The Crimson Playgoer

Charles Laughton makes a Superb Nero in the Latest de Mille Spectacle Now at the University

In "The Sign of the Cross," the current feature offering at the University, Cecille de Mille again exhibits his technique as the master of the spectacle. Thirty tame, toothless lions, many fine Roman matrous dressed in the best 1932 drapery, flashing chariots, and tons of Roman cutlery, not to mention several yards of early Christian beards, exciting pagan dancing, and several guileless babes to add the pathetic note, go into the production of a piece that rivals "Ben Hur" in intensity of action and elaborateness. Fredric March, as Marcus Superbus, prefect of Rome, who goes to death in the arena because of his love for Mercia (Elissa Landi), one of the persecuted Christians, and Claudette Colbert, who plays Nero's wife, Poppaea, do very well, but Charles Laughton, as the fat, indolent Nero, gives the picture its life blood. See him reclining after a heavy night of delicious debauchery while he puffs for breath as slaves manicure him, listen to him say "go away now," watch his eyes as he wildly strums the lyre as Rome burns and you will be convinced that he is one of the best actors that have gone to Hollywood without being robbed of their dramatic talent. He is much better than in "Devil and the Deep," where he played a more active role.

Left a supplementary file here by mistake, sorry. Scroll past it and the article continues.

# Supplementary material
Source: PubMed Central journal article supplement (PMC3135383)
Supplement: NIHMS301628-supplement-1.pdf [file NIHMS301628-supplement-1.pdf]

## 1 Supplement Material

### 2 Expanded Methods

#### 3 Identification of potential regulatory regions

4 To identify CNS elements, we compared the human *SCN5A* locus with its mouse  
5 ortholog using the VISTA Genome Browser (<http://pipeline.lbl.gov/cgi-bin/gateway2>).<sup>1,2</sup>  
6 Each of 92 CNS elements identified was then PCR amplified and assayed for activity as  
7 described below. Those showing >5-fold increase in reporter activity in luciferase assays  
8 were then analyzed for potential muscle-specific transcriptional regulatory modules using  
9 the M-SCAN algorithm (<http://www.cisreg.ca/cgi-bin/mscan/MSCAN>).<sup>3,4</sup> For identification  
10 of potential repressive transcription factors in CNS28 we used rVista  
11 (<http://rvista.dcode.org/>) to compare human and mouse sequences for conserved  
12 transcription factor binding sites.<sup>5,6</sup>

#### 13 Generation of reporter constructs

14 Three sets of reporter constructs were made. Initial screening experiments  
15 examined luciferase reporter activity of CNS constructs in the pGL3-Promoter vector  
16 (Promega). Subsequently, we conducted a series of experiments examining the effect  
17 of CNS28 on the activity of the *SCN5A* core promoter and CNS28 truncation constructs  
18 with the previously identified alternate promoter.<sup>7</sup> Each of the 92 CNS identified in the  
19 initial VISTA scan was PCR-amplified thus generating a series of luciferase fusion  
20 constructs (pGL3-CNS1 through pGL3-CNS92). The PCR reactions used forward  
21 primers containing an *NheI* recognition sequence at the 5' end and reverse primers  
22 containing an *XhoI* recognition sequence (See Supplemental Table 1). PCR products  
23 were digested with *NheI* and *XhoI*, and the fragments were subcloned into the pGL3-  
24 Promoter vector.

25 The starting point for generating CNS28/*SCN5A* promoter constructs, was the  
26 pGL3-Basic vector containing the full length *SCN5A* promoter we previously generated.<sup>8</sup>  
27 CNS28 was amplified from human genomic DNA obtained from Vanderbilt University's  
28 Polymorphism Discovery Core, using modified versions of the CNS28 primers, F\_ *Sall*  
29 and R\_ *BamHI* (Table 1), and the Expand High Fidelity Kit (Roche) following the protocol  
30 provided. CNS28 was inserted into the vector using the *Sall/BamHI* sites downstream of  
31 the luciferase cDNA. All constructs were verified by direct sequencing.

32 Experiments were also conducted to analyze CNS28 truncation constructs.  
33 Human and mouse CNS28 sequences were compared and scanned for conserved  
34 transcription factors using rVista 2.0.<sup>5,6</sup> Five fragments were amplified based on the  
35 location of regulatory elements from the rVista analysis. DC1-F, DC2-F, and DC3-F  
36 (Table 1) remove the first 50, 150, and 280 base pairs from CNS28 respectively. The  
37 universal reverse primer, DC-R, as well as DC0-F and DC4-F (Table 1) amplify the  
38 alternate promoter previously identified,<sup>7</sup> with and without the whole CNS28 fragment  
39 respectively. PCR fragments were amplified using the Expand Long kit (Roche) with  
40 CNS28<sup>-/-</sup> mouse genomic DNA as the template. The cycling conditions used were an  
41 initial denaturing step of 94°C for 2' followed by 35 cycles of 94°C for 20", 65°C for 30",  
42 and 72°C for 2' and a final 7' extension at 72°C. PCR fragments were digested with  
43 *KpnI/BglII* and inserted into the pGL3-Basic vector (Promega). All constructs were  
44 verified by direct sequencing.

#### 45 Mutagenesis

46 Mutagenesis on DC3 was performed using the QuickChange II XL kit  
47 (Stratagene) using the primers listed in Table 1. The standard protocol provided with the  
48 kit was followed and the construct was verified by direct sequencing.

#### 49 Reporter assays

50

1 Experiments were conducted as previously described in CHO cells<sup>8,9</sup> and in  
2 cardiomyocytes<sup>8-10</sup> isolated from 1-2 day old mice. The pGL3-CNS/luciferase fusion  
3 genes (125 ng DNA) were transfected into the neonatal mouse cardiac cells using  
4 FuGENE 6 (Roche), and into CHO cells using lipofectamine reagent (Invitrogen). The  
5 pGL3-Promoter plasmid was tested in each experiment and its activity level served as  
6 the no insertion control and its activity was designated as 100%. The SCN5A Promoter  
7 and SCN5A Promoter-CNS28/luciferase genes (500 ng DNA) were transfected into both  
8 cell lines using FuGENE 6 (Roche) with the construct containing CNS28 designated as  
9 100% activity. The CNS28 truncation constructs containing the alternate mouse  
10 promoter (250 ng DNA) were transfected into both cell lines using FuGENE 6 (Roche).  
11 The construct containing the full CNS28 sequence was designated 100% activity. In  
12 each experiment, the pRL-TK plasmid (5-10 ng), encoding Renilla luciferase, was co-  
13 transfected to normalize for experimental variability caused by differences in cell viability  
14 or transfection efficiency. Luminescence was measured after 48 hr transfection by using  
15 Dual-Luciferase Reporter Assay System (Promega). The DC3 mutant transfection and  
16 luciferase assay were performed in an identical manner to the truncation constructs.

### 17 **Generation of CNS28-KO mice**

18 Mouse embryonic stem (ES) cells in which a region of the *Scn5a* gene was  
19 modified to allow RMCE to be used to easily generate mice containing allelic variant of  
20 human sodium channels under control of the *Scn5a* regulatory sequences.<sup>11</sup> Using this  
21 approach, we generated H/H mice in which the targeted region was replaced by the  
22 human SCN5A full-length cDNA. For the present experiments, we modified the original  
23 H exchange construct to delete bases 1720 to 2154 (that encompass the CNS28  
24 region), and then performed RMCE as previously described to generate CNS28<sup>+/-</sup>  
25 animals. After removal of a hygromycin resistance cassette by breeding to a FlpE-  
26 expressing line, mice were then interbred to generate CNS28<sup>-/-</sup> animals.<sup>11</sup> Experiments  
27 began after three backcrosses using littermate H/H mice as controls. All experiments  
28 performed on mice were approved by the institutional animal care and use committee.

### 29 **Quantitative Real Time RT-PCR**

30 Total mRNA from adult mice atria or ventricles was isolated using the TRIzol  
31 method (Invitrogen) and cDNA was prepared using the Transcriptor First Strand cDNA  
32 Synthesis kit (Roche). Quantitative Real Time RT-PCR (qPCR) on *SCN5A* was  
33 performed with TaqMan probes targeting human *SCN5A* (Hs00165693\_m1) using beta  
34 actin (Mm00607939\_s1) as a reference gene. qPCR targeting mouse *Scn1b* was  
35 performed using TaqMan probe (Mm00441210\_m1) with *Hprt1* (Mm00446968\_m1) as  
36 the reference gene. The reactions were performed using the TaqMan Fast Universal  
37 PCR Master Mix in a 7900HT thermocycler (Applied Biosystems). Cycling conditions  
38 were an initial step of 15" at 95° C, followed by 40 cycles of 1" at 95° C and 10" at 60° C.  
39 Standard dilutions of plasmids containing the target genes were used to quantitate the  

The companion picture, "Luxury Liner," is one of the worst melodramatic atrocities attempting to picture a cross section of life after the "Grand Hotel" manner that has yet appeared on the screen.